Nowadays this word's use is restricted to the description of a class of subatomic particles. Many years ago, though, long before anyone had even thought of such abstract weirdness as overlapping wave functions and quantized angular momentum, it was an alternate spelling of bosun, which is itself a shortened (and more phonetic) spelling of boatswain.

This, apparently, was still the case in 1913 C.E. There used to be a Webster 1913 writeup in bosun suggesting that the reader see boson for more information. I naturally thought old Webby was a bit off his rocker, and added a writeup there to the effect that a nautical officer simply wasn't the same thing as a subatomic particle in any version of the English language I was familiar with. Eventually both writeups were replaced by a firmlink.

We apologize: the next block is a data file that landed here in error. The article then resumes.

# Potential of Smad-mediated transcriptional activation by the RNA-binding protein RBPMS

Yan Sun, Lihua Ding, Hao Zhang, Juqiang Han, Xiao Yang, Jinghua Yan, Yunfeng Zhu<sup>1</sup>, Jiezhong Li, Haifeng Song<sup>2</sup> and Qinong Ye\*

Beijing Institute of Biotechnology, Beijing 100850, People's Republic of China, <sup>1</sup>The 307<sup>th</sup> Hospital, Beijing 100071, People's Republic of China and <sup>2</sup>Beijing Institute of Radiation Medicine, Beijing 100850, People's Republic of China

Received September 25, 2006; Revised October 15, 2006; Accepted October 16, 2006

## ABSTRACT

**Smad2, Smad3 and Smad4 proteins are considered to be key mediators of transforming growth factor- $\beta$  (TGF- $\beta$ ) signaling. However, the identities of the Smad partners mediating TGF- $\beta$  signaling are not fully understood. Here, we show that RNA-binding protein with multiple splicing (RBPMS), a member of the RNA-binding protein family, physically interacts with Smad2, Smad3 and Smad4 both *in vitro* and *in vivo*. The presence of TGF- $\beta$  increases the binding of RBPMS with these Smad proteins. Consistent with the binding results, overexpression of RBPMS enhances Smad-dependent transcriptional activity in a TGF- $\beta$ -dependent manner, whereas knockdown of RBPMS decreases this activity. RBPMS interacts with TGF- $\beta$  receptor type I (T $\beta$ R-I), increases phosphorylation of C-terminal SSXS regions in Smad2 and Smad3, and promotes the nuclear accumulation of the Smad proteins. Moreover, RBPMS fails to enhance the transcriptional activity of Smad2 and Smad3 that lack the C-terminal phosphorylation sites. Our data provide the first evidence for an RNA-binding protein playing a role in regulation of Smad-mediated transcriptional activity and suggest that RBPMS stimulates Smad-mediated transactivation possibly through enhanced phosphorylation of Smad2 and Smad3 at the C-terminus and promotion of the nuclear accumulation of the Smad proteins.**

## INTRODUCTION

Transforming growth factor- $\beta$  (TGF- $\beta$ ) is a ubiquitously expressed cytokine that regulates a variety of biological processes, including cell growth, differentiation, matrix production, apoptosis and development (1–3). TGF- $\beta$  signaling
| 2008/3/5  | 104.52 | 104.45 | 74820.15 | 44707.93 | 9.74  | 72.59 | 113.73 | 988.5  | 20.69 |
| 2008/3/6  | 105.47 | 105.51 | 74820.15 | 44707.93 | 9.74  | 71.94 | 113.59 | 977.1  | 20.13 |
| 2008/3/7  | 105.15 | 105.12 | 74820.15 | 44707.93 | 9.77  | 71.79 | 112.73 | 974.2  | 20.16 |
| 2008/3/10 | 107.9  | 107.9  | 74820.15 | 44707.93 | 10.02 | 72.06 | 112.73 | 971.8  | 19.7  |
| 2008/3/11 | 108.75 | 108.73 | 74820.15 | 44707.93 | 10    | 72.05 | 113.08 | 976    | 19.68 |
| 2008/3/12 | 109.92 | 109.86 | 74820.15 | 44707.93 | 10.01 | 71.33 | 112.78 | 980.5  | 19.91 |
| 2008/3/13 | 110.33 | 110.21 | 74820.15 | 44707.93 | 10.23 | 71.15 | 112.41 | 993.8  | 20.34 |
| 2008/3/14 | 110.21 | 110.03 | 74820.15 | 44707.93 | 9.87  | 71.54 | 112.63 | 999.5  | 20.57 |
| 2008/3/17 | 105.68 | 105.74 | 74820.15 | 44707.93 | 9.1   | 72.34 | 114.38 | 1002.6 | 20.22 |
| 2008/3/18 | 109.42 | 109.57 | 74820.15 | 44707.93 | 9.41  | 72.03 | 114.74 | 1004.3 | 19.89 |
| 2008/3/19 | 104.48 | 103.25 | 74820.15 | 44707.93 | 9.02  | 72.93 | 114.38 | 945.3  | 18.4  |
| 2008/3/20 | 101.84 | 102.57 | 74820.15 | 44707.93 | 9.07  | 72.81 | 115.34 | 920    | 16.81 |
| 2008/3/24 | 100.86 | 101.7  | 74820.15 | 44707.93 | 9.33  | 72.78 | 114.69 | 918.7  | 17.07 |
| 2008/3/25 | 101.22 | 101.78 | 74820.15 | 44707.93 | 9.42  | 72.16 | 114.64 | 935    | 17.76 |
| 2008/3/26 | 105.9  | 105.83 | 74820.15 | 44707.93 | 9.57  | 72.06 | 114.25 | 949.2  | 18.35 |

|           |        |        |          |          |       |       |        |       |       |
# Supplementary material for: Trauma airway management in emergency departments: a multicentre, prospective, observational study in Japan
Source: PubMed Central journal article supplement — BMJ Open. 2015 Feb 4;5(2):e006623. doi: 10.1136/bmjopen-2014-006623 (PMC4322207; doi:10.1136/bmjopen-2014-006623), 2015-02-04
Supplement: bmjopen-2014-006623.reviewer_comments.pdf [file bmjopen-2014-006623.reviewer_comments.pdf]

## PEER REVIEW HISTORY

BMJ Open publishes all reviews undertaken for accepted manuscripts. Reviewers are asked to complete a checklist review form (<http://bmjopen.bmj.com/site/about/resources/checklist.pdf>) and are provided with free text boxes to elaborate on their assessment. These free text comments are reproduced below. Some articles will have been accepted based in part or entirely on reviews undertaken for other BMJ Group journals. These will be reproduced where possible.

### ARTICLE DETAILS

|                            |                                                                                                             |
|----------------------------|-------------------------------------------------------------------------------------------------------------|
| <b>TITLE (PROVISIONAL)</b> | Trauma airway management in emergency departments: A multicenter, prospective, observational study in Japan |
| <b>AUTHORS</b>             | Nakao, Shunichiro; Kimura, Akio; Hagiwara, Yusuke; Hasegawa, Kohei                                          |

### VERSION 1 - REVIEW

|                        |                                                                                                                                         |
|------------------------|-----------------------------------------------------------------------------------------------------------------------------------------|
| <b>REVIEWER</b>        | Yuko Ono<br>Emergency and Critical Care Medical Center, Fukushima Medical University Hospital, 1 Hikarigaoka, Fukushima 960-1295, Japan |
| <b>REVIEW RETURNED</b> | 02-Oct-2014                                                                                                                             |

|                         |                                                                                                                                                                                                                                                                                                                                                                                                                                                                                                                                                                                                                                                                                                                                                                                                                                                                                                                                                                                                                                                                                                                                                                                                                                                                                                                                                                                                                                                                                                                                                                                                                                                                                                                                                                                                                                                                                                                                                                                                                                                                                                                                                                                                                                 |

I think the 1913 editors of Webster's dictionary had been relying more on Renaissance literature than on more recent developments in the language. Bosun seems to have been in use among English-speaking navies at the time, and boson was essentially an archaism, since the Pauli Exclusion Principle hadn't yet been formulated. However, the Renaissance-era mariners of The Tempest used the older spelling. From act 1, scene 1 of that play:

BOATSWAIN. I pray now, keep below.
ANTONIO. Where is the master, boson?
BOATSWAIN. Do you not hear him? You mar our labor; keep your cabins; you assist the storm.

Needless to say, Shakespeare's characters pronounced the word differently than do present-day physicists.